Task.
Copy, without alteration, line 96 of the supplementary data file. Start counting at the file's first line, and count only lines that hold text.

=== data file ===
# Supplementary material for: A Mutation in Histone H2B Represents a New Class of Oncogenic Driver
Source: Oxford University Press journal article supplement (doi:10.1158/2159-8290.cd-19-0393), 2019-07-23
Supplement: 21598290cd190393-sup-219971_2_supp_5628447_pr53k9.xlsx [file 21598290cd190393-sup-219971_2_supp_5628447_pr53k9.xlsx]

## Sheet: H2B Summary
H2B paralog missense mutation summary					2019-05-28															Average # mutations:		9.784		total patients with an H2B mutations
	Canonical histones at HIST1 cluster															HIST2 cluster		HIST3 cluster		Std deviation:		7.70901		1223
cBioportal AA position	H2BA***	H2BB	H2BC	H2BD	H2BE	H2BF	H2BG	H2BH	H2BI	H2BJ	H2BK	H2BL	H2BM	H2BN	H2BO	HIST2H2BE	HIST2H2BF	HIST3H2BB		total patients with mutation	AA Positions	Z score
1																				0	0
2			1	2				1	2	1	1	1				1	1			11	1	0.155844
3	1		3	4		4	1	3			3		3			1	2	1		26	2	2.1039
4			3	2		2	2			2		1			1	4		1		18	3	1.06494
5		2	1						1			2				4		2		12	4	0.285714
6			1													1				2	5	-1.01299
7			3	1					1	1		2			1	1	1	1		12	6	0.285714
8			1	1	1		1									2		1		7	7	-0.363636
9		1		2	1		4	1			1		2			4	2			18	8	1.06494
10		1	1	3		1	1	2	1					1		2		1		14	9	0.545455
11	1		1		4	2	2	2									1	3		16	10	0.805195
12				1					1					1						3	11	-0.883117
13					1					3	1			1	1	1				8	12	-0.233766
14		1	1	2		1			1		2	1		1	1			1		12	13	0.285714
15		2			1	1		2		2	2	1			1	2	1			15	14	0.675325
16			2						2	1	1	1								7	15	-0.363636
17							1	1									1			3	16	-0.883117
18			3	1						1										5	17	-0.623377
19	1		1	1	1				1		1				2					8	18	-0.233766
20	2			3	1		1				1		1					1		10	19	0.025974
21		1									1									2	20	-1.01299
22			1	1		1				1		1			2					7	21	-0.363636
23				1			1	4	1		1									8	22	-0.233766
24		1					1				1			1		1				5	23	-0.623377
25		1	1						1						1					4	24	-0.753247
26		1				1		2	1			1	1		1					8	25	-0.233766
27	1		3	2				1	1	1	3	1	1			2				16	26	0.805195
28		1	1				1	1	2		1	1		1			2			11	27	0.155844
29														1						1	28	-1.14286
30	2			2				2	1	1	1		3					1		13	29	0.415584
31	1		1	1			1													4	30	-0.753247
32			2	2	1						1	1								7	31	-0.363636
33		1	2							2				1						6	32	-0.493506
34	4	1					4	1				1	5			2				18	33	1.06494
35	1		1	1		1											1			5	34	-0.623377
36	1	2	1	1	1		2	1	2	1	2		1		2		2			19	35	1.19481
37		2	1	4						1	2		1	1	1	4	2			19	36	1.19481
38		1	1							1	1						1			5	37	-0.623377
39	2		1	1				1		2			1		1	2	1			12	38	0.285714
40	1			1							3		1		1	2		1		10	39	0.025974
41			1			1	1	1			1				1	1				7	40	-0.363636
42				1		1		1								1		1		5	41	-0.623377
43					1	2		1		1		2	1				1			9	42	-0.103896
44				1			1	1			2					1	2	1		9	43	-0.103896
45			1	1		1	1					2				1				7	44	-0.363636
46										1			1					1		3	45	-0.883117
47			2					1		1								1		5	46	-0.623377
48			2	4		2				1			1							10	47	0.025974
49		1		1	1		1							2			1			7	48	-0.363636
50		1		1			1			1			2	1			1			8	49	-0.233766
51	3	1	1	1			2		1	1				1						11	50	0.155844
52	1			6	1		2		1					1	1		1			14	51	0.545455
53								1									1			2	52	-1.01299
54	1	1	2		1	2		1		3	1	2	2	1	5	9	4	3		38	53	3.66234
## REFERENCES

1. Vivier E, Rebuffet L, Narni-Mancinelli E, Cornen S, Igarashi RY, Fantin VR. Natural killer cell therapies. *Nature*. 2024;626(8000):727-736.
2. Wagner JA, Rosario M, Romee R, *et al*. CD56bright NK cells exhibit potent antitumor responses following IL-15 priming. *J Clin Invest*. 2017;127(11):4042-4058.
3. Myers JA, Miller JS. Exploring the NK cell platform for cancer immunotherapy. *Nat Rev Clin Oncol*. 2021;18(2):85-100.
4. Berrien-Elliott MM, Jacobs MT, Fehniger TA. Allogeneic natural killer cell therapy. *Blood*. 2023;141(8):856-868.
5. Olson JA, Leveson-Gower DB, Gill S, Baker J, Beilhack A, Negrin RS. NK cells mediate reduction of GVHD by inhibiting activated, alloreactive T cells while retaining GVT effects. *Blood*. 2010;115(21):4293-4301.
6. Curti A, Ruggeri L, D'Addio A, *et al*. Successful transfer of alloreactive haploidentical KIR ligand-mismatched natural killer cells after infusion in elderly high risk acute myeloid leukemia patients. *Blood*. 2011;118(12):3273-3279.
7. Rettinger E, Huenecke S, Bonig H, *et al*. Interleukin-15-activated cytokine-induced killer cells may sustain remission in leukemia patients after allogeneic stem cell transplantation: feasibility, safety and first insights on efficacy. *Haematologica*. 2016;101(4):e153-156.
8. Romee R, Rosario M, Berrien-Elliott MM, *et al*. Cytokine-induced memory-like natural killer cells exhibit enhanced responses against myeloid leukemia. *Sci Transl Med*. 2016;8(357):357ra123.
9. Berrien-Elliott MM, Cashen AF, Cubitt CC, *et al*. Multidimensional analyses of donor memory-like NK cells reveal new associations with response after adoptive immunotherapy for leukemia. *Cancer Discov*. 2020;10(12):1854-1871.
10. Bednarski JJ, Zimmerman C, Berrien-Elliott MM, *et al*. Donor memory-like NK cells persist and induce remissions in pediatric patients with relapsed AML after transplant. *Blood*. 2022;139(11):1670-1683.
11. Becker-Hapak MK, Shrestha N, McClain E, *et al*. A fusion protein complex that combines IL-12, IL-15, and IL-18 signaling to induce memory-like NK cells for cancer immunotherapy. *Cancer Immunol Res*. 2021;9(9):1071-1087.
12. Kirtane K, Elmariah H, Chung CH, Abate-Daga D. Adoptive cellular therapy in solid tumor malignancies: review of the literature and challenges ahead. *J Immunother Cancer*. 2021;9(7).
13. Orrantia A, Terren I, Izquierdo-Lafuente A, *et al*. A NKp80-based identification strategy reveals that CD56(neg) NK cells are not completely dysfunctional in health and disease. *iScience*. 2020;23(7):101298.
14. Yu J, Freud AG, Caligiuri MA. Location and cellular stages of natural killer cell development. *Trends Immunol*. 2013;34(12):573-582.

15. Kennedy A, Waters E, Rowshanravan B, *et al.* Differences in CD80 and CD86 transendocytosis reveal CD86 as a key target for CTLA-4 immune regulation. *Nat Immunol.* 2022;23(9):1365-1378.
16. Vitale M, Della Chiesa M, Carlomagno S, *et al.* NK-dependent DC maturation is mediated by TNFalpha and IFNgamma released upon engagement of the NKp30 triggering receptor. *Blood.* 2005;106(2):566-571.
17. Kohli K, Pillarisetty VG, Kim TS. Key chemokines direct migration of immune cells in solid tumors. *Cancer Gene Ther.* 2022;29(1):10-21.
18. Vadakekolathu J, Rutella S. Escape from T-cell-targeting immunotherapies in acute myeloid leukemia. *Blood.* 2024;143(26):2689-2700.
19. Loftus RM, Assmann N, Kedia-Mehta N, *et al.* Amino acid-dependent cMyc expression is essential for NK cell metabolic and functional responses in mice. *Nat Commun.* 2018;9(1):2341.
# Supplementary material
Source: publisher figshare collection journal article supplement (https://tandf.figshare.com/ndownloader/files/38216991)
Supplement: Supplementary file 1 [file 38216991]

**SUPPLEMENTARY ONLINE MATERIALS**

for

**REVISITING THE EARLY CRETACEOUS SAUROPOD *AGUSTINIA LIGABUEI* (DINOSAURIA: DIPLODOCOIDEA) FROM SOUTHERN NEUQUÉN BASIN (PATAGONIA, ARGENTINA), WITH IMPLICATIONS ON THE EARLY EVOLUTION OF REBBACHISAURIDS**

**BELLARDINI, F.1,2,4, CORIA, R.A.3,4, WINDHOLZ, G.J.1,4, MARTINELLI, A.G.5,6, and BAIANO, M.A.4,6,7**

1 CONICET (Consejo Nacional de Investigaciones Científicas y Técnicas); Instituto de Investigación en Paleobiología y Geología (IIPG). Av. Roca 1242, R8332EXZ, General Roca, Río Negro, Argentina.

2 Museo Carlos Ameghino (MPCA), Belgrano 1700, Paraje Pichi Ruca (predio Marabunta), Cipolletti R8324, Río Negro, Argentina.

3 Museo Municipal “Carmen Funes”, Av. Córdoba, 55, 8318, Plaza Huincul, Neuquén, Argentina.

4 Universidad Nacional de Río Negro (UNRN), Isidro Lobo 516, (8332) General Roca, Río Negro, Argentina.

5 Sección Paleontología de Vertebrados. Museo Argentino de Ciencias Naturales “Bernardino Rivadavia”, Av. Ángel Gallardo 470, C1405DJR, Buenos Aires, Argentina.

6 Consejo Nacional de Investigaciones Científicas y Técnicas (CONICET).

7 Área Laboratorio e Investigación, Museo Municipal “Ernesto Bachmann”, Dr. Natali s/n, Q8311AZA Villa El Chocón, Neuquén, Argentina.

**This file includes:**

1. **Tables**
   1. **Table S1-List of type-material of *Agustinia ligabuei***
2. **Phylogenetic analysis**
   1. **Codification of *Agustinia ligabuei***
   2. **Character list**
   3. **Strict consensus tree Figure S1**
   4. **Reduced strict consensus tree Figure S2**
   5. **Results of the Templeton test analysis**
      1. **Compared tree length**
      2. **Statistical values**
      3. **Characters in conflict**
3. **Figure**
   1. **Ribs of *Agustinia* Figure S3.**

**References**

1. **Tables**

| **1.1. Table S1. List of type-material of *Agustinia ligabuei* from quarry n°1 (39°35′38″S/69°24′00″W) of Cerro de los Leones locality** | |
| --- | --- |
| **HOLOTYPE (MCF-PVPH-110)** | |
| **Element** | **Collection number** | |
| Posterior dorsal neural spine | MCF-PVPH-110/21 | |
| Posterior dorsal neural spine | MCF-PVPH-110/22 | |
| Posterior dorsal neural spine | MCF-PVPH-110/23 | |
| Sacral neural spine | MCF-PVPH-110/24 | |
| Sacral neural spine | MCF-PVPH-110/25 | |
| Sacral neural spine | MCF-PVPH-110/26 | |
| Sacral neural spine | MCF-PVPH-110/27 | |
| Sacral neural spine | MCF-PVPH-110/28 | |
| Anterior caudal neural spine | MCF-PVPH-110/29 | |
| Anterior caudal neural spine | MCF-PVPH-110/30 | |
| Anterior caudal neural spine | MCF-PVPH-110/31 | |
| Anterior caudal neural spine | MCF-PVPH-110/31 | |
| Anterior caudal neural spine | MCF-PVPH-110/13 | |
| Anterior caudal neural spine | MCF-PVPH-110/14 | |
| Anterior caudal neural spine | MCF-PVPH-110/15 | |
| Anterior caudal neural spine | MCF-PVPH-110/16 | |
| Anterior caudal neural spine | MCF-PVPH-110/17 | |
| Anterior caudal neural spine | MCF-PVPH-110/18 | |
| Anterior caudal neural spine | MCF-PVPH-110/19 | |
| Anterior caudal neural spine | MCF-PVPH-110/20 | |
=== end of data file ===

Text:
**This file includes:**